The Personal Finance Mountain

  1. The Oh, Sh*t Moment

This moment is different for everyone, but it’s the point where you realize you’re not happy in the foothills anymore. For an awful lot of people, it seems to be related to debt.

For me, it was when I really wanted to quit a job I hated, but realized I couldn’t because I still owed a bunch of money in student loans. I hated that feeling and I decided then and there to figure out how to make sure I would never be trapped in a job I hated again because of money.

For some people, it’s a desire to escape the rat race way before the average retirement age.

For others it’s something entirely different.

However you want to slice it, it’s a realization that your money is controlling you, instead of the other way around. And that you’re just not going to put up with that crap anymore.

If that’s where you are, congrats! Welcome to the personal finance mountain.

  1. Budget

This word gets such a bad rap, but a budget is actually empowering! How can you get a job done if you don’t even know what tools you’re working with??

Here’s the deal – grab a bottle of wine or your favorite mocktail or whatever you generally choose to eat/drink your feelings – and just do it.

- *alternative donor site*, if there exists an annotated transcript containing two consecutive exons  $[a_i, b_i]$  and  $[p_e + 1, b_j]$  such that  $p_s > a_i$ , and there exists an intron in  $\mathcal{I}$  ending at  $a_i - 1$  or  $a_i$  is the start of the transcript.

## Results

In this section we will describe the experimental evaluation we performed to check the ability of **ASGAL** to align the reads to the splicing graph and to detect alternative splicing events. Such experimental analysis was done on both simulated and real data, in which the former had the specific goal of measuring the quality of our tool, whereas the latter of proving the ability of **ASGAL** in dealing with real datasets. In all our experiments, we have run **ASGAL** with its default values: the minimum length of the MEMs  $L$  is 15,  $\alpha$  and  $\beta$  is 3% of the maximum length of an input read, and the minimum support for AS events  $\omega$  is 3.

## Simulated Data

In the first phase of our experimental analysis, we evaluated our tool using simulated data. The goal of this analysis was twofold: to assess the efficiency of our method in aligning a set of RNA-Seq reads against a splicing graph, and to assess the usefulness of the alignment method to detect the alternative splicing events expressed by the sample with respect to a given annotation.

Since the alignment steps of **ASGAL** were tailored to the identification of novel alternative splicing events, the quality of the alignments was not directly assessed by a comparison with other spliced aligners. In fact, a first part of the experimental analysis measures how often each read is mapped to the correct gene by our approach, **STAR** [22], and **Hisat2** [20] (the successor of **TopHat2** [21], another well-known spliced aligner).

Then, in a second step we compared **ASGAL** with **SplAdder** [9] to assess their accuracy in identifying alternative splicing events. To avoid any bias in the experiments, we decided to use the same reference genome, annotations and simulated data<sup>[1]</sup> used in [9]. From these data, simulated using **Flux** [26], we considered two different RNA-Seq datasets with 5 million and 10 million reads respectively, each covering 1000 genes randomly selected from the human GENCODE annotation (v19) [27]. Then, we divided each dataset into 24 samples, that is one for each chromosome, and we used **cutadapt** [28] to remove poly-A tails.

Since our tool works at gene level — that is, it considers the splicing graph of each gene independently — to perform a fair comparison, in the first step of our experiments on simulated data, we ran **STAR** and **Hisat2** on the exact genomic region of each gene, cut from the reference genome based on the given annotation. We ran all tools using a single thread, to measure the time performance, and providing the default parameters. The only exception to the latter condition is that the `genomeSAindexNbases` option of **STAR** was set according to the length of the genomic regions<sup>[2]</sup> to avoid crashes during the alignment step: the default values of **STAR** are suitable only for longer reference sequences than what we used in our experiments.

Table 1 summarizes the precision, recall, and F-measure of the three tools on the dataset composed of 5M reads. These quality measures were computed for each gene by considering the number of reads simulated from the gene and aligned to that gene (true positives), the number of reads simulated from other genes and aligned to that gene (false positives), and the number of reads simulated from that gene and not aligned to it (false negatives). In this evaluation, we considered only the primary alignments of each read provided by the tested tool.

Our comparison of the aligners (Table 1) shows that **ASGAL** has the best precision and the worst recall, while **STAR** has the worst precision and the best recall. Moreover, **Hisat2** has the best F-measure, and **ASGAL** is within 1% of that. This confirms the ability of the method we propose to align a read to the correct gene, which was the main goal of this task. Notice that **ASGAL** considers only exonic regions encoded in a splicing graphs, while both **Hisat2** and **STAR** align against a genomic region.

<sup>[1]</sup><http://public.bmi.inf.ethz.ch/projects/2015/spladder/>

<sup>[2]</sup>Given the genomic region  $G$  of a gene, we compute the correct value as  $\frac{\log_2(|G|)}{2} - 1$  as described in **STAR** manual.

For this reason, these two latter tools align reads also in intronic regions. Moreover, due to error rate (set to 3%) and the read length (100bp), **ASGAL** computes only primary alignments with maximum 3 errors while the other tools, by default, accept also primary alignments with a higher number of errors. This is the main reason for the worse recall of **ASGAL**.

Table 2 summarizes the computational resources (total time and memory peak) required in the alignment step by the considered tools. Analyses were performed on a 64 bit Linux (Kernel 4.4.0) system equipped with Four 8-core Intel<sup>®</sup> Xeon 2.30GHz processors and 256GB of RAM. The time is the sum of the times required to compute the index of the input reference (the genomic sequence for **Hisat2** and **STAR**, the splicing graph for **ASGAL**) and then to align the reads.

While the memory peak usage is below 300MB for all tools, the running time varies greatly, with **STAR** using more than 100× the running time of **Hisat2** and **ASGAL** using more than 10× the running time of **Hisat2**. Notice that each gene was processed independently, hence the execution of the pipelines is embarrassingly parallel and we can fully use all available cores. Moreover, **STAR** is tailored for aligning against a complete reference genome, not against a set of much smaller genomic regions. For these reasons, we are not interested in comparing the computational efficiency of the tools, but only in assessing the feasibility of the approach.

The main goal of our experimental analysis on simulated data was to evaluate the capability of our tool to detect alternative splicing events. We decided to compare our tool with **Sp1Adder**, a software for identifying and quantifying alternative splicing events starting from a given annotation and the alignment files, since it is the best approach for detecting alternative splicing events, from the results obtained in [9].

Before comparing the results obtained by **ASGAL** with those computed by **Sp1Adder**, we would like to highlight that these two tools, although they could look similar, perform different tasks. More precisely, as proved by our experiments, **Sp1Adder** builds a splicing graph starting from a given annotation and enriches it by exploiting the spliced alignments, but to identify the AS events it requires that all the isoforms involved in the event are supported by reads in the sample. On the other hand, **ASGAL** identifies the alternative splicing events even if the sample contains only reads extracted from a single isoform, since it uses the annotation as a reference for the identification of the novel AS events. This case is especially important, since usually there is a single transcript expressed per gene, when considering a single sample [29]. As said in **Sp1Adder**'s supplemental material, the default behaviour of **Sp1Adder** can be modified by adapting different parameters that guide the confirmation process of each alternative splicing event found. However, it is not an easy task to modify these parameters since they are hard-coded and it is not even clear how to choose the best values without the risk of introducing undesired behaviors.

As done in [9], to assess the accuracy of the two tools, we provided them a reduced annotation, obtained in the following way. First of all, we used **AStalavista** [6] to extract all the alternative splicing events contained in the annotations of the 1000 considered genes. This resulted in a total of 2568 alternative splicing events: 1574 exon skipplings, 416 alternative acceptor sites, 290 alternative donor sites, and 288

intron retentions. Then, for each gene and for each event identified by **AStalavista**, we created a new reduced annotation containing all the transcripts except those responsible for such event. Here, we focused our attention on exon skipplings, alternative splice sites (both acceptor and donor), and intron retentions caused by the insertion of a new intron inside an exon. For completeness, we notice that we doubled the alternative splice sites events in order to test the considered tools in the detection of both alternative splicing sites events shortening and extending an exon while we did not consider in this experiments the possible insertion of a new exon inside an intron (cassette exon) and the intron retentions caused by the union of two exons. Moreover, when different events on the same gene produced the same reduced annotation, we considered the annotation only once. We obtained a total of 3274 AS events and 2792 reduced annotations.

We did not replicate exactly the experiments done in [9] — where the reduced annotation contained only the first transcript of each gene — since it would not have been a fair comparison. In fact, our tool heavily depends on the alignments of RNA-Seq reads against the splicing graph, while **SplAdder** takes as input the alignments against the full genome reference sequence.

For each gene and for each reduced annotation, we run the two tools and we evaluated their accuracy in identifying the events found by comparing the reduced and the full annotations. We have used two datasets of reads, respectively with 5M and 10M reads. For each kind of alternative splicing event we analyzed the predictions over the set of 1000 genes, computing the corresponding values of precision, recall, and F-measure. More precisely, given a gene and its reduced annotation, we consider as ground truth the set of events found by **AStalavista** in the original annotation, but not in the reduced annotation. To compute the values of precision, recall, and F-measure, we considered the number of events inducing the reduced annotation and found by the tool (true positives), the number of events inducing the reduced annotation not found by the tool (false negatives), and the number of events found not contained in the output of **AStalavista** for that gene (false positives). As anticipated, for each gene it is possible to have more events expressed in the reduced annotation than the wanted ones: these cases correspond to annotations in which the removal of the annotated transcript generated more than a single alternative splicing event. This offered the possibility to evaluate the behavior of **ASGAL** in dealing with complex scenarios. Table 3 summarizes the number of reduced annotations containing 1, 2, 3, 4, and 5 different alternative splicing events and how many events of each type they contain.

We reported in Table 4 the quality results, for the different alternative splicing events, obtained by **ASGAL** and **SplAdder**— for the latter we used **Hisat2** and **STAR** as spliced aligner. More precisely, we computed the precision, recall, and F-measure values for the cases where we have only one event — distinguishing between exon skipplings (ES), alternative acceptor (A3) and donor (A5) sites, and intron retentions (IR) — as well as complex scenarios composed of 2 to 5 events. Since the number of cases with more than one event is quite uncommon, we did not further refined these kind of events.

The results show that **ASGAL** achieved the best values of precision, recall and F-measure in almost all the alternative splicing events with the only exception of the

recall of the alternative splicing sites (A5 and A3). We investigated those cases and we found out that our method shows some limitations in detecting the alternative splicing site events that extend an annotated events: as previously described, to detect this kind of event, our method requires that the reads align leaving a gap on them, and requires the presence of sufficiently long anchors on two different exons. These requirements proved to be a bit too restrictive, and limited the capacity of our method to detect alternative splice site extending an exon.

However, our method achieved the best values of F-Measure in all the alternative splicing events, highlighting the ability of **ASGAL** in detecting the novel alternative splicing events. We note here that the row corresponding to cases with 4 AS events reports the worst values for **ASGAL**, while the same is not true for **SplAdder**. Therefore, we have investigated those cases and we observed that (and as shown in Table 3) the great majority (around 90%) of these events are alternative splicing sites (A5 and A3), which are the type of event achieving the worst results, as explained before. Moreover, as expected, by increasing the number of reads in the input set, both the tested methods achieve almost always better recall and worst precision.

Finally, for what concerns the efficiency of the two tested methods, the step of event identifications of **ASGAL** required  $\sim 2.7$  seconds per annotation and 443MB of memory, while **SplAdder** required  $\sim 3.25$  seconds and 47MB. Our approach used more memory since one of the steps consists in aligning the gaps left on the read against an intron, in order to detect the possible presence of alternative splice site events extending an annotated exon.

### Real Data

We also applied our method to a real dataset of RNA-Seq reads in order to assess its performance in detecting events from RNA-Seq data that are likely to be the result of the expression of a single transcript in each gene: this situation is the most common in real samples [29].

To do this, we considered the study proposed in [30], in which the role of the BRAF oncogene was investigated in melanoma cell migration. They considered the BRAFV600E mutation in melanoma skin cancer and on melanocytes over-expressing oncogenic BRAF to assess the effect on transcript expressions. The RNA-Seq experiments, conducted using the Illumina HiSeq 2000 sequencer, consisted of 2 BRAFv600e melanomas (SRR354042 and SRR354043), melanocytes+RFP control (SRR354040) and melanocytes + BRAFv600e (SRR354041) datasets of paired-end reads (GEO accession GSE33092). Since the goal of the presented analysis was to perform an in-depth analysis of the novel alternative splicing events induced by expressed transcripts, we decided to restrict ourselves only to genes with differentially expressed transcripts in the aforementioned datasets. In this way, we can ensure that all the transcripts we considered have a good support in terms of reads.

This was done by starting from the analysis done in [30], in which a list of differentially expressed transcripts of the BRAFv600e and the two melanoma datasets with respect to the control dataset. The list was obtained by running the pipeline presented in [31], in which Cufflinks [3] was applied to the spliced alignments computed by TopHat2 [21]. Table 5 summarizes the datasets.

A budget is breakdown of your monthly and annual expenses.

It’s important to do both because those one time annual expenses like eye doctor visits, contacts, car insurance and registration, etc. can really eff up your monthly budget if you leave them out (I speak from experience).

A monthly budget includes set expenses like rent, loans, car payments, Internet, cell phone bills, etc. It also estimates variable amounts like groceries, electricity, and gas. You also include amounts for occasional items like gifts, medical expenses and entertainment.

You know you best, so adjust the set up so it works for you. If you do most of your spending using a credit card, you can just backtrack a month and add up each expense to get an estimate of what you’re currently spending on each category. If you usually use cash, you’ll have to collect your receipts for the next month so you can see how much you’re spending.

Once you know what you’re spending each month, you can look at your income. If everything is covered, great! If it’s not, you’ll be able to see where you can cut back.

Once you’ve got an outline of your monthly budget, you can do your annual budget, which is usually a little easier. These are your annual expenses that occur a few times a year or less. By figuring them out in advance, you can save a little each month for them so the money is ready to go when you need it.

Here’s the great thing about budgeting and the personal finance mountain – at the start of your climb, it’s your best tool. The more carefully you tend to it, the better everything is going to go for you, but as you climb further up the mountain, if you did a good job with your budget back down at base camp, you don’t need to tend to it as much later on.